Swimmer Yvetta Hlaváčová – Women’s world record-holder for fastest Channel crossing

Yvetta Hlaváčová, photo: CTK

On Saturday 32-year-old long-distance swimmer Yvetta Hlaváčová completed the last leg of a 142 kilometre swim up the Vltava River, becoming the only Czech woman to have ever conquered the Vltava against the current. Hundreds cheered her on from the shore as she approached the finish line after 35 hours over seven days, an accomplishment to be set in the Guinness Book of World Records. Prior to the week-long marathon, we had a chance to speak to Yvetta for One on One, taped at Prague’s Žluté Lázně. We discussed the Vltava challenge as well as her greatest accomplishment to date – the fastest women’s crossing in history of the English Channel in 2006. She also told us how she first began swimming when she was just a kid.

Yvetta Hlaváčová,  photo: CTK
“I was six years old, so I have now been swimming 27 years! Of course it was my parents’ idea: my father wanted me to swim so I started and I think that I will stick with my swimming into the future!”

What kind of sacrifices does swimming entail? I’ve always heard that swimmers have to get up very early in the morning from an early age, to swim before school. They put in many, many hours.

“Yeah. I attended a special school for swimmers and when I was ten, for example, I swam for two hours form six in the morning, and from three to five pm the next day. But it wasn’t just swimming: you also had to run, to bike, ski, and all kinds of different sports. So, training was often four or six hours daily.”

There are obviously different types of disciplines: why did you opt for long-distance over racing in the pool?

Yvetta Hlaváčová,  photo: CTK
“Well I did race in the pool at first and swam in the sprint and 100-metre medley relay and the 100 metre butterfly and am the holder of Czech records in many disciplines. But to be honest it got boring. I was looking for something different in my life and that’s why I chose long-distance, which allows you to be on the beach, to swim in the ocean and is generally much more interesting because you are able to visit many different countries around the world. I have swum 40,000 kilometres and of course it was everywhere! In Argentina, Brazil, in Mexico, the US, and of course the Czech Republic.”

You’re the women’s world-record for the fastest crossing of the English Channel: what were your feelings when you realised that you’d done it?

“I accomplished the world record during a rest period in France: the problem was that five hours before my attempt I was ill and had thrown up and was in tears. I felt really, really bad and at the end of the swim I was just glad to have made it alive!”

Now that time has passed and the record has stood you must be very proud.

“Yeah, of course. The old record had stood for 28 years and I set a time of 7 hours 25 minutes and 19 seconds. That was really good. On the other hand, I’m not the kind of person who really cares about records. I simply like swimming and that’s what is most important, not records or achieving fame. Setting the record is a present for me.”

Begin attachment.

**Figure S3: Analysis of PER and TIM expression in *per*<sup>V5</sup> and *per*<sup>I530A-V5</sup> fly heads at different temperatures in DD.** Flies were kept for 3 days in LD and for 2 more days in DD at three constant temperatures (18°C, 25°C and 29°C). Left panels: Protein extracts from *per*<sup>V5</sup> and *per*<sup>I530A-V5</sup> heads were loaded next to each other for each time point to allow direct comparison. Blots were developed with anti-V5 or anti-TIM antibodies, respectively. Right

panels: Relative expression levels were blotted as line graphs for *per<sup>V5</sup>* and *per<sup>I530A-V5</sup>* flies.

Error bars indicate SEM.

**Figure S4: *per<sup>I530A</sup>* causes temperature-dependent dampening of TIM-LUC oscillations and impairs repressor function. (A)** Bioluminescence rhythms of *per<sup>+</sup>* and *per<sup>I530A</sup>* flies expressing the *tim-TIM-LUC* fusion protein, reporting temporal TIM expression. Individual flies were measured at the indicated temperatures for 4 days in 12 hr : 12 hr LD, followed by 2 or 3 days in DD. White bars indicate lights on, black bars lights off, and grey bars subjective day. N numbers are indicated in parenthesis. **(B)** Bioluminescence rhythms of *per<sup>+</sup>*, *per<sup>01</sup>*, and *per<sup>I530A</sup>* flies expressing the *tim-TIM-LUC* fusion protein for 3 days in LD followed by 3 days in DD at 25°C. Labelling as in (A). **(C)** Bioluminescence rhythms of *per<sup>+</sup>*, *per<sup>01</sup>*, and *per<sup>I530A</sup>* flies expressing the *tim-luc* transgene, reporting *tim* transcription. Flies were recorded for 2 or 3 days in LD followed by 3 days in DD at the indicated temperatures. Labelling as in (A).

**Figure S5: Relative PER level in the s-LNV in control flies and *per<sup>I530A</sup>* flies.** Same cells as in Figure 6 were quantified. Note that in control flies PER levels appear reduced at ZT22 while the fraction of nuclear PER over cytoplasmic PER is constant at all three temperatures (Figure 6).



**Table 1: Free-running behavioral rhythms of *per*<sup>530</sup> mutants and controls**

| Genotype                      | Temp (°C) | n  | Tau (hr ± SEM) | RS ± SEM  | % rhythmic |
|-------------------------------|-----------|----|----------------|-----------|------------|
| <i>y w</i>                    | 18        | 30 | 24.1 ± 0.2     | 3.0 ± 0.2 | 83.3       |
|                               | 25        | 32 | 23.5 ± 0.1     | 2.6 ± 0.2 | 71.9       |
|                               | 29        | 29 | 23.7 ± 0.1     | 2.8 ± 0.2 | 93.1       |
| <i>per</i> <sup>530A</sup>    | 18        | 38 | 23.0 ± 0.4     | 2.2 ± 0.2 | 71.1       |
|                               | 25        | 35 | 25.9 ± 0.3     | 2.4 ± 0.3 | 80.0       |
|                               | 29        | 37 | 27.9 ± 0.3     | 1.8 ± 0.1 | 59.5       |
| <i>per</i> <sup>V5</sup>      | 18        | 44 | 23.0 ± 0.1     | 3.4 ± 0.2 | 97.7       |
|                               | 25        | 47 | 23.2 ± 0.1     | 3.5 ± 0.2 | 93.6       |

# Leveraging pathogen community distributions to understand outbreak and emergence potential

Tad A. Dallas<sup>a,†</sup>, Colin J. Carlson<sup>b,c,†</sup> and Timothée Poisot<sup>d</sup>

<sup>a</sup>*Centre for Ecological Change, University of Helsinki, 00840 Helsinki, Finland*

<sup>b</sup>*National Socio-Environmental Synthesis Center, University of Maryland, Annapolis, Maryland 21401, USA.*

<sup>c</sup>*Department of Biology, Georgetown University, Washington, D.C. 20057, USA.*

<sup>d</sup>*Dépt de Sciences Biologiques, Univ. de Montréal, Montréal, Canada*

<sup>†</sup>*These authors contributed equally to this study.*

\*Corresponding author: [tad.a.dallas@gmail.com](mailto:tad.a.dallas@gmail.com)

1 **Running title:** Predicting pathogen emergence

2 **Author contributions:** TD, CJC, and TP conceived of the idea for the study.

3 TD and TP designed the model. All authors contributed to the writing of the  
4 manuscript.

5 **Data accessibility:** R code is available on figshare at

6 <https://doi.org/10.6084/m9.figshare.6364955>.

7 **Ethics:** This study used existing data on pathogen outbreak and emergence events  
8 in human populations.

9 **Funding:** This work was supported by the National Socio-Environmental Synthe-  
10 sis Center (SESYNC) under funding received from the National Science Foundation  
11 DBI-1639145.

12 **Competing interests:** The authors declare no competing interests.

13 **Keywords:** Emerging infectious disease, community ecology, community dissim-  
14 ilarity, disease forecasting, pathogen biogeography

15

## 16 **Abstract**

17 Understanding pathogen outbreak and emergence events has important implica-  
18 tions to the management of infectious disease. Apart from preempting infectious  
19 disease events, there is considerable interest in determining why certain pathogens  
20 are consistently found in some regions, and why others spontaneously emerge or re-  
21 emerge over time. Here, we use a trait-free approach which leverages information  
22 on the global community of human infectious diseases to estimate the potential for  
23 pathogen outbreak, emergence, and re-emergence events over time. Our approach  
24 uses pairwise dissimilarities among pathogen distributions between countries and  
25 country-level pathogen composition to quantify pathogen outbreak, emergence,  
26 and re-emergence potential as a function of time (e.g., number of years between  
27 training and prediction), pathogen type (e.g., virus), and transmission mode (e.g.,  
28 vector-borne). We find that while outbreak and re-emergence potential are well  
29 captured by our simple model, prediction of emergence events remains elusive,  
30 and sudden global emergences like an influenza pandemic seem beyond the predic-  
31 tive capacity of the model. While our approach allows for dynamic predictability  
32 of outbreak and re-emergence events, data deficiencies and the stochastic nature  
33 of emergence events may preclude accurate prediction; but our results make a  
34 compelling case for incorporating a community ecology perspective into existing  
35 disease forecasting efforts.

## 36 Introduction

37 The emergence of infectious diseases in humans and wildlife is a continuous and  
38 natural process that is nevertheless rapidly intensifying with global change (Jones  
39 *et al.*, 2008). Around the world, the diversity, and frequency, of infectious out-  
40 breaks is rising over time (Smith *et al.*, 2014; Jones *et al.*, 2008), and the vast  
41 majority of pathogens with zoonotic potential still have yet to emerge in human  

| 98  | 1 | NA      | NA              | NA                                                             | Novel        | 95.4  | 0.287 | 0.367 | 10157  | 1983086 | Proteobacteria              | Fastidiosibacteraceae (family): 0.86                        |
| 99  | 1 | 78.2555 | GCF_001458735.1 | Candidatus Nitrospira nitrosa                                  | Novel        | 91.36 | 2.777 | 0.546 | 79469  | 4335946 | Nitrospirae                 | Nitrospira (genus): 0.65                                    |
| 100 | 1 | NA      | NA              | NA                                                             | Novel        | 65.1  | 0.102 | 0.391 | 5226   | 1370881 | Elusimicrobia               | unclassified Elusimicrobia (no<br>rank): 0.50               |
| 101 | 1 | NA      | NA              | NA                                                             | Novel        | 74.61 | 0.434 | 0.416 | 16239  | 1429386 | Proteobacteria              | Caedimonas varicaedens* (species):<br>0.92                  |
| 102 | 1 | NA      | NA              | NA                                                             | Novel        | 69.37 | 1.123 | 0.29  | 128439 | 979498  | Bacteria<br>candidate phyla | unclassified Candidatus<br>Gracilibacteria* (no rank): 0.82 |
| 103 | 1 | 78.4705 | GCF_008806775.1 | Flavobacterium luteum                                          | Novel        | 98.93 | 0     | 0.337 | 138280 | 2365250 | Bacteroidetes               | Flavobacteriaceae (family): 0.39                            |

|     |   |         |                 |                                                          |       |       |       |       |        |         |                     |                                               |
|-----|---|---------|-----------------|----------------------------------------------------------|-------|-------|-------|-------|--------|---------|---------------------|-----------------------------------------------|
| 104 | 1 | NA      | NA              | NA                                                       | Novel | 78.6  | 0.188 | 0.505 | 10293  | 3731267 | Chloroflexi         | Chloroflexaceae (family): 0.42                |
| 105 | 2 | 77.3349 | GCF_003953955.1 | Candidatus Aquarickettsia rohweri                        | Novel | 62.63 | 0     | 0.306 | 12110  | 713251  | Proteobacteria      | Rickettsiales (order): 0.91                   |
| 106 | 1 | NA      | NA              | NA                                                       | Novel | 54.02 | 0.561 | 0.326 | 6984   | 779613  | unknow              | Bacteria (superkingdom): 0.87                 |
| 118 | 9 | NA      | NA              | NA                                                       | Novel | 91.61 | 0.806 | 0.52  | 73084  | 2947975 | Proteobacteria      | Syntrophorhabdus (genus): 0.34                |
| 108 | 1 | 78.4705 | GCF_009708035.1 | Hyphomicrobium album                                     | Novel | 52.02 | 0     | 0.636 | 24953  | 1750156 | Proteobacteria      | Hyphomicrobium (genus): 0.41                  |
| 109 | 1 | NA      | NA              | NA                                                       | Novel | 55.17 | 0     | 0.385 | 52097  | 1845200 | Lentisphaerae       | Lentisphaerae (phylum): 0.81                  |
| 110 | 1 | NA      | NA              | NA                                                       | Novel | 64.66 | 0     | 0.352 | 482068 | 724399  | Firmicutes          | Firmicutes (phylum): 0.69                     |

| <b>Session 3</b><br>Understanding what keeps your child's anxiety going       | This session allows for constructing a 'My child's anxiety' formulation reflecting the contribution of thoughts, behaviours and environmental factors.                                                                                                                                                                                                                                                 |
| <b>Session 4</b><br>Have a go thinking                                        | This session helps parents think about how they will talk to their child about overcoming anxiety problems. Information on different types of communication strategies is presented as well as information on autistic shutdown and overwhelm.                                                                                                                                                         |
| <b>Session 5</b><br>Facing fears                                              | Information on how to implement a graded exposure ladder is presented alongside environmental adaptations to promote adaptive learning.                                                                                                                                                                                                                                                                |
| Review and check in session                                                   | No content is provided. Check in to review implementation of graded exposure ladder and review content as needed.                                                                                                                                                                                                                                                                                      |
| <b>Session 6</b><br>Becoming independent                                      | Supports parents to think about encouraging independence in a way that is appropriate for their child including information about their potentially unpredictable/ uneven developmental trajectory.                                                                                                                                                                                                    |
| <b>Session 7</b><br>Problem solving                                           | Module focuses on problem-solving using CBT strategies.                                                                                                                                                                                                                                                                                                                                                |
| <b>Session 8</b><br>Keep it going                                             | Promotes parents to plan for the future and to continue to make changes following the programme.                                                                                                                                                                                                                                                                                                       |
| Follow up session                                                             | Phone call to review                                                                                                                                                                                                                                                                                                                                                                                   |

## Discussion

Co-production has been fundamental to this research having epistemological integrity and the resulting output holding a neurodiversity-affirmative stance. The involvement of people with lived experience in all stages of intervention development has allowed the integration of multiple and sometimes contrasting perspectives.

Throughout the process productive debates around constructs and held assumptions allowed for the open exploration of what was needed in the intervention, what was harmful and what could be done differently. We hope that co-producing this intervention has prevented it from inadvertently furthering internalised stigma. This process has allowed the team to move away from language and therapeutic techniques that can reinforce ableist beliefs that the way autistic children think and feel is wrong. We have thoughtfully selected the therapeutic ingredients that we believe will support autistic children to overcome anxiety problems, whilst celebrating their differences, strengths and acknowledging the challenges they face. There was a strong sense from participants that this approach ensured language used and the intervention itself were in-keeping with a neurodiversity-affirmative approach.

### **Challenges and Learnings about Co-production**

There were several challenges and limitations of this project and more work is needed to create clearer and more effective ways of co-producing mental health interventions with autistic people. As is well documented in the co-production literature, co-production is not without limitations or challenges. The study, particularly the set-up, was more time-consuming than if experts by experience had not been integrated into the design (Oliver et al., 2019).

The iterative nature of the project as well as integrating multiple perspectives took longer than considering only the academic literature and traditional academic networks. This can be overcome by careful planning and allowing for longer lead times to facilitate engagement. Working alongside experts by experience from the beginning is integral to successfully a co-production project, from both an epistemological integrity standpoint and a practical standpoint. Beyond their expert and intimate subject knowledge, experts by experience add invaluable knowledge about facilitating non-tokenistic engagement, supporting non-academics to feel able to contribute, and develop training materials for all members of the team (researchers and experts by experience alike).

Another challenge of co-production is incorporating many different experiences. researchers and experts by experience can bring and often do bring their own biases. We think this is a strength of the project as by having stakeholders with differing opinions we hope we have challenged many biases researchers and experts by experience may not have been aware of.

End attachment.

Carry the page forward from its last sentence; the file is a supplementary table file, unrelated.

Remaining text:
All the same, I did read somewhere that you wanted to set the new overall record for both men and women and that you believe that the Channel can be swum under seven hours.

“Yeah, yeah. I certainly hope to try it again and to set the record for fastest time for both. But it’s still just my dream. Again, not for fame, just because I like a challenge.”

Swimming the Channel must be extremely difficult…

“It is, of course. It is really difficult. There are more than 100 different currents and they can make it very tough. When I tried to break the record last year I was stuck in place for 50 minutes just 200 metres from the French shore. So, I will try again next year. You never know what’s going to be, especially in the English Channel. Last year too the weather worsened. My first three hours I saw really, really well and was on pace for a record, but then that changed. So I lost my chance.”

What the average temperature of the Channel?

“Around 16 to 18 degrees Celsius. Cold.”

Swimming is kind of a lonely sport, what do you think about when you’re undertaking such a difficult swim?

“It’s hard to say: normally I concentrate solely on the swimming. My breathing, the boat, my body, food intake, my stroke. I don’t know how to say it exactly, but basically if you are trying to swim really fast, you don’t really think about anything.”

This year you are attempting what could be considered the second-leg of your Vltava Tour. Last year you went with the current, this year you are going against.

“I’m trying to do better than last year, which is why this time around I want to swim the Vltava River up-river. It’s difficult because you are going against the current with a speed of three kilometres. Every day will be hard: from 15 – 26 kilometres, which is unusual: different from if you are training four hours daily in a pool and if you are six hours in a river! It’s also stressful because many people are watching you. I will only really be sure ‘about me’ in the end.”

What is the Vltava like as a river? Another journalist mentioned you ran into a number of drowned rats last year…

{laughs} “Yeah, of course you can run into the occasional dead fish or stuff like that but the Vltava is a beautiful river, especially outside of Prague. It’s very cold in places: the temperatures in the water range from just eight to 26 degrees Celsius, so sometimes it will be really, really chilly. On the other hand, I’m used to such conditions, so I should be okay.”

Amateur swimmer have also been invited to join you at stages: how well do you think they will be able to keep up?

“That should be fun: I think that some should try and swim with me. I hope they can keep up for maybe 50 metres. I am a professional so I much faster!”